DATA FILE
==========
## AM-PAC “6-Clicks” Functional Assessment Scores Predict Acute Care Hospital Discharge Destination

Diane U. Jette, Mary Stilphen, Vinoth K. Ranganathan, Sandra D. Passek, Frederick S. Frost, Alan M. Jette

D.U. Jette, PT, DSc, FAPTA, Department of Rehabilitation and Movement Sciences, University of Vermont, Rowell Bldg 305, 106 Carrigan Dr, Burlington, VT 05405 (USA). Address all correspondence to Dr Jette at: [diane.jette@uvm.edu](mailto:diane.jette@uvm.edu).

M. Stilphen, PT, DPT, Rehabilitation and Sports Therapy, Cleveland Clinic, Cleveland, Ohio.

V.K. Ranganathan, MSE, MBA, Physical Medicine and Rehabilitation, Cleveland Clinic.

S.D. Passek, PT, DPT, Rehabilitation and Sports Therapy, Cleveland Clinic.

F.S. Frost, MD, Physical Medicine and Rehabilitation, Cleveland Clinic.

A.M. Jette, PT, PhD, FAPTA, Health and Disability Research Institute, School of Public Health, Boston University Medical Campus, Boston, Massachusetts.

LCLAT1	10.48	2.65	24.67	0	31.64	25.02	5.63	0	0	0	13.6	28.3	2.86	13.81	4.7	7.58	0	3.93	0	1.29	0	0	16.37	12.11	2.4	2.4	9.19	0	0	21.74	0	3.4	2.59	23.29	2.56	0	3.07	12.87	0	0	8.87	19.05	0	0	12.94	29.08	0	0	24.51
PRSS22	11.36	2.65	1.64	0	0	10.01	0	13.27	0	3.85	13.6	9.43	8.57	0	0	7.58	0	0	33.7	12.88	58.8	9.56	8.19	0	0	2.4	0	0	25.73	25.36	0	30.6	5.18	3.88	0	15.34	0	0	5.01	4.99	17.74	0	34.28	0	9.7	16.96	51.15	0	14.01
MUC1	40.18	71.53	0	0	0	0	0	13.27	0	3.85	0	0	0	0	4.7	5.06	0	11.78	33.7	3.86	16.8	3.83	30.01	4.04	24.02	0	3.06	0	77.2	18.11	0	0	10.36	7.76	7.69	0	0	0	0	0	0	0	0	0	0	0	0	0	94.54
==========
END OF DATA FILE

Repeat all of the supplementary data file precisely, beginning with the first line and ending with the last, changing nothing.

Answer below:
## AM-PAC “6-Clicks” Functional Assessment Scores Predict Acute Care Hospital Discharge Destination

Diane U. Jette, Mary Stilphen, Vinoth K. Ranganathan, Sandra D. Passek, Frederick S. Frost, Alan M. Jette

D.U. Jette, PT, DSc, FAPTA, Department of Rehabilitation and Movement Sciences, University of Vermont, Rowell Bldg 305, 106 Carrigan Dr, Burlington, VT 05405 (USA). Address all correspondence to Dr Jette at: [diane.jette@uvm.edu](mailto:diane.jette@uvm.edu).

M. Stilphen, PT, DPT, Rehabilitation and Sports Therapy, Cleveland Clinic, Cleveland, Ohio.

V.K. Ranganathan, MSE, MBA, Physical Medicine and Rehabilitation, Cleveland Clinic.

S.D. Passek, PT, DPT, Rehabilitation and Sports Therapy, Cleveland Clinic.

F.S. Frost, MD, Physical Medicine and Rehabilitation, Cleveland Clinic.

A.M. Jette, PT, PhD, FAPTA, Health and Disability Research Institute, School of Public Health, Boston University Medical Campus, Boston, Massachusetts.

LCLAT1	10.48	2.65	24.67	0	31.64	25.02	5.63	0	0	0	13.6	28.3	2.86	13.81	4.7	7.58	0	3.93	0	1.29	0	0	16.37	12.11	2.4	2.4	9.19	0	0	21.74	0	3.4	2.59	23.29	2.56	0	3.07	12.87	0	0	8.87	19.05	0	0	12.94	29.08	0	0	24.51
PRSS22	11.36	2.65	1.64	0	0	10.01	0	13.27	0	3.85	13.6	9.43	8.57	0	0	7.58	0	0	33.7	12.88	58.8	9.56	8.19	0	0	2.4	0	0	25.73	25.36	0	30.6	5.18	3.88	0	15.34	0	0	5.01	4.99	17.74	0	34.28	0	9.7	16.96	51.15	0	14.01
MUC1	40.18	71.53	0	0	0	0	0	13.27	0	3.85	0	0	0	0	4.7	5.06	0	11.78	33.7	3.86	16.8	3.83	30.01	4.04	24.02	0	3.06	0	77.2	18.11	0	0	10.36	7.76	7.69	0	0	0	0	0	0	0	0	0	0	0	0	0	94.54